In Reply to: Five spot posted by Smokey Stover on September 14, 2008 at 18:20:
: : What is the origin of five spot or ten spot? It is a way of asking to spot money or borrow money?
: : Ex.
: : Ted: Can I get a five spot from you?
: : Gina: Sure thing Ted. $5 coming your way.
: It's an American usage, and just means a bill of that denomination in dollars, regardless of how it's used. Without context, a five-spot, for example, or a fiver, would mean money in that denomination. You could also have a ten-spot or a tenner, but you would probably not hear anyone speak of a hundred-spot or a hundreder (which is a C-note), nor a fifty-spot or fiftier. That normally would be called "a fifty," just as there's no twentyer, but rather "a twenty." "Twenty-spot" has been heard, but is probably somewhat rare.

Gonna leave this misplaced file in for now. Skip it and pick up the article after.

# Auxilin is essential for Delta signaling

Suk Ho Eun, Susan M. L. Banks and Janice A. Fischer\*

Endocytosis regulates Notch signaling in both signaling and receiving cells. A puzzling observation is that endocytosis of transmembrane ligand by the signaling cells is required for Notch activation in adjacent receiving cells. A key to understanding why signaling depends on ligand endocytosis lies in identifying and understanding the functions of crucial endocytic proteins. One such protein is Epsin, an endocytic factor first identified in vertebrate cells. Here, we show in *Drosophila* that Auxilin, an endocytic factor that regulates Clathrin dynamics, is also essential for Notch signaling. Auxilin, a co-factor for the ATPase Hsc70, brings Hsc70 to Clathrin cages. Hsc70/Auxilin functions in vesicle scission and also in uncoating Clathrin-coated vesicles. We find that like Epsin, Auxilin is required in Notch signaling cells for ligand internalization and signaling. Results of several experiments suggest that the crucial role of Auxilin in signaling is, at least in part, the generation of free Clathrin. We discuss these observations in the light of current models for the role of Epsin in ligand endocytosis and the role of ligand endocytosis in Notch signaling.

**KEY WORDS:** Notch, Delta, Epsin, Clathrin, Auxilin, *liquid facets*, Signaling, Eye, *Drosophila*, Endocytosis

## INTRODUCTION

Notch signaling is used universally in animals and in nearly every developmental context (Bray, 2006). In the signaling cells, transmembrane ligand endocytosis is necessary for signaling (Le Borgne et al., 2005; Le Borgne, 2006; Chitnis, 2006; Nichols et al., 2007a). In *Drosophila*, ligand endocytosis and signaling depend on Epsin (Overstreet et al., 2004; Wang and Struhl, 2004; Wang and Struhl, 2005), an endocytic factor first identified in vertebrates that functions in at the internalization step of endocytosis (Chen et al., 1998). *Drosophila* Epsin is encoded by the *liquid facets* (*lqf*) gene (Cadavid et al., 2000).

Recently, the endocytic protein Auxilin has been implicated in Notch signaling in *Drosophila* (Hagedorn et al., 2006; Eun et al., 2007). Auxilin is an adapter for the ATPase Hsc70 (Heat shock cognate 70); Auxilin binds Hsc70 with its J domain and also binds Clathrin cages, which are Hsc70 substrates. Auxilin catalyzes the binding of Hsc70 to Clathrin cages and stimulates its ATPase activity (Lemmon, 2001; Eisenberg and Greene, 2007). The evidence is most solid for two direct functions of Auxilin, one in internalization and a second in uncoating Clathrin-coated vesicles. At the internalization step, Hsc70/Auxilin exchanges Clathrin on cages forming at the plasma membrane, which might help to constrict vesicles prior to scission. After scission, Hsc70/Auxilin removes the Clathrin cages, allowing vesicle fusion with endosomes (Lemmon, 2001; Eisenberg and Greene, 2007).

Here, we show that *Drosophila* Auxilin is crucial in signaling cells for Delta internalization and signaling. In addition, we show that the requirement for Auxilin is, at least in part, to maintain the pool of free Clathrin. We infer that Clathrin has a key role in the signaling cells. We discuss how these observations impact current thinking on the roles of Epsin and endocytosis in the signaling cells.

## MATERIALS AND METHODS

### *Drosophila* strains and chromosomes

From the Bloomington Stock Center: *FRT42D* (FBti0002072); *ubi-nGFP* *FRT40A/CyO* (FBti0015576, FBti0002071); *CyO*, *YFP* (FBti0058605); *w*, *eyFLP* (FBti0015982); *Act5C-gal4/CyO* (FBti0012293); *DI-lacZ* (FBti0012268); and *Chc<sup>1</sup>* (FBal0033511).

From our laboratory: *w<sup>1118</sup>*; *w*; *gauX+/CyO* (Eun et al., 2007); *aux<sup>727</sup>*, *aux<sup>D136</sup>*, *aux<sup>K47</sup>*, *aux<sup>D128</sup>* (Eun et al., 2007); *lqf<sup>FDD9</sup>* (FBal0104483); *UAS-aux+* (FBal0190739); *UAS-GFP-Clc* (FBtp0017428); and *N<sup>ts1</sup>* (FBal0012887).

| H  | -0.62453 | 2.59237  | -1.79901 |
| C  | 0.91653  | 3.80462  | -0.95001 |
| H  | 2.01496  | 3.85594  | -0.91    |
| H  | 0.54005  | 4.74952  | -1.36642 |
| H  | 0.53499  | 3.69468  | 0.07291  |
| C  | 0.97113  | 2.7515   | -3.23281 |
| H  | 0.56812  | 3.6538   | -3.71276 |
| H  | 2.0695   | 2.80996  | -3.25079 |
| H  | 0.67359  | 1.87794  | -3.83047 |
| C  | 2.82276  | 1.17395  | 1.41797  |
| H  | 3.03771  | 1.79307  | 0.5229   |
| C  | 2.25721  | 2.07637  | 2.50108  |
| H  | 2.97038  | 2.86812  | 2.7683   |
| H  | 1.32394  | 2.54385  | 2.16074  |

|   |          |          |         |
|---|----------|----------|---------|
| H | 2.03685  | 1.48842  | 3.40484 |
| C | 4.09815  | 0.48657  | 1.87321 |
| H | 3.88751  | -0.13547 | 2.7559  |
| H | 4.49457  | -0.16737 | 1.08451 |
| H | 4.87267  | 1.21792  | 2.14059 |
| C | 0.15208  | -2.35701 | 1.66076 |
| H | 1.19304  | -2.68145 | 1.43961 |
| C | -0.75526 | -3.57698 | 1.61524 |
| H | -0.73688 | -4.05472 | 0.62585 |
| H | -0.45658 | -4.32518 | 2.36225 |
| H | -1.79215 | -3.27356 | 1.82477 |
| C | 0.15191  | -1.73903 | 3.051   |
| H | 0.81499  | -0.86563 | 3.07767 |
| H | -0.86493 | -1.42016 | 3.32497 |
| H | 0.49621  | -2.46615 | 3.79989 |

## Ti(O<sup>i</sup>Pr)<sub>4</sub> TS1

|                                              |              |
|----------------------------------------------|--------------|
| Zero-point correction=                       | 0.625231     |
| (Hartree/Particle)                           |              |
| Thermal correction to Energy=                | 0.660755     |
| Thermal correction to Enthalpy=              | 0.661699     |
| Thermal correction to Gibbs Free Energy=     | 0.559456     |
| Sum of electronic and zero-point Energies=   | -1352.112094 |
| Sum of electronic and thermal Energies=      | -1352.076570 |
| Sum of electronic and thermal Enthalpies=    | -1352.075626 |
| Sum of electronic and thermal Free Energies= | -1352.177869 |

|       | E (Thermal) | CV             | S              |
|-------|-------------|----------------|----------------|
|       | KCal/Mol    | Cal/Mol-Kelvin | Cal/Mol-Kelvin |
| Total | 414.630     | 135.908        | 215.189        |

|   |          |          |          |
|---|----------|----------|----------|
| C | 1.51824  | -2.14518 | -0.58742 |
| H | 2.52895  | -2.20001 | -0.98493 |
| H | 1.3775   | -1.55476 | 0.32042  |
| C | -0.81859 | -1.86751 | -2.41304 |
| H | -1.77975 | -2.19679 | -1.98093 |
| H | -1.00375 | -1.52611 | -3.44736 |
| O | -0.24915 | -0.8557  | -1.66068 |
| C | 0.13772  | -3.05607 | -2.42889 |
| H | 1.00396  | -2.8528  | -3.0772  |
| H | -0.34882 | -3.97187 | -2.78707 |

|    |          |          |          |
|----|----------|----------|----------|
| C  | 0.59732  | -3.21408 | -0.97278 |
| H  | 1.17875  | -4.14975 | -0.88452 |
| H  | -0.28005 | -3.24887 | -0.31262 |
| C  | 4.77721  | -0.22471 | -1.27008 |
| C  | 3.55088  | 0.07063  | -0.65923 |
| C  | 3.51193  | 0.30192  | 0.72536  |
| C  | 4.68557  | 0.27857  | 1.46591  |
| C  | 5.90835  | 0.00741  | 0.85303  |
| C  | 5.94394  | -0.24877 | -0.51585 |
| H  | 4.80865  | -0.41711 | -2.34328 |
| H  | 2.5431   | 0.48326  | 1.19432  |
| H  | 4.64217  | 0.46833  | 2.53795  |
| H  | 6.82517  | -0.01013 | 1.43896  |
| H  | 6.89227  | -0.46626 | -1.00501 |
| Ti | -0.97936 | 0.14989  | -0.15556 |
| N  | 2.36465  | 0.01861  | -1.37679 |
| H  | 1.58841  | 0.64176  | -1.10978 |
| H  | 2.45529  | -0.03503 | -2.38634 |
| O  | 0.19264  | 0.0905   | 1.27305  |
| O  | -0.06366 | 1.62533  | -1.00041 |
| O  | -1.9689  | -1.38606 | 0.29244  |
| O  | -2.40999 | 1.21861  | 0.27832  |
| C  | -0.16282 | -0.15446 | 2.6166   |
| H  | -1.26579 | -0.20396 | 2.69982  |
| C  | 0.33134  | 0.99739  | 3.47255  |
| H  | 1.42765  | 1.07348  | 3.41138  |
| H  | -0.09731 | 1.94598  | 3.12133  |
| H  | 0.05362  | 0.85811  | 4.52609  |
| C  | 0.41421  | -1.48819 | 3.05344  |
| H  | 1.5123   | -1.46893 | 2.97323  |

: I don't know why "spot," although it could be thought of as analogous to the (e.g.) five-spot playing card, which actually has five pips.
: According to the OED, the expression has been in use at least since 1846.
Not sure where Smokey is, but fiver and tenner are British 5 and 10 pound notes as far as I know. I haven't heard that used of US currency. Five-spot is rather out of date though people sometimes use it in a joking fashion much like calling a quarter (25 cent piece) 2 bits.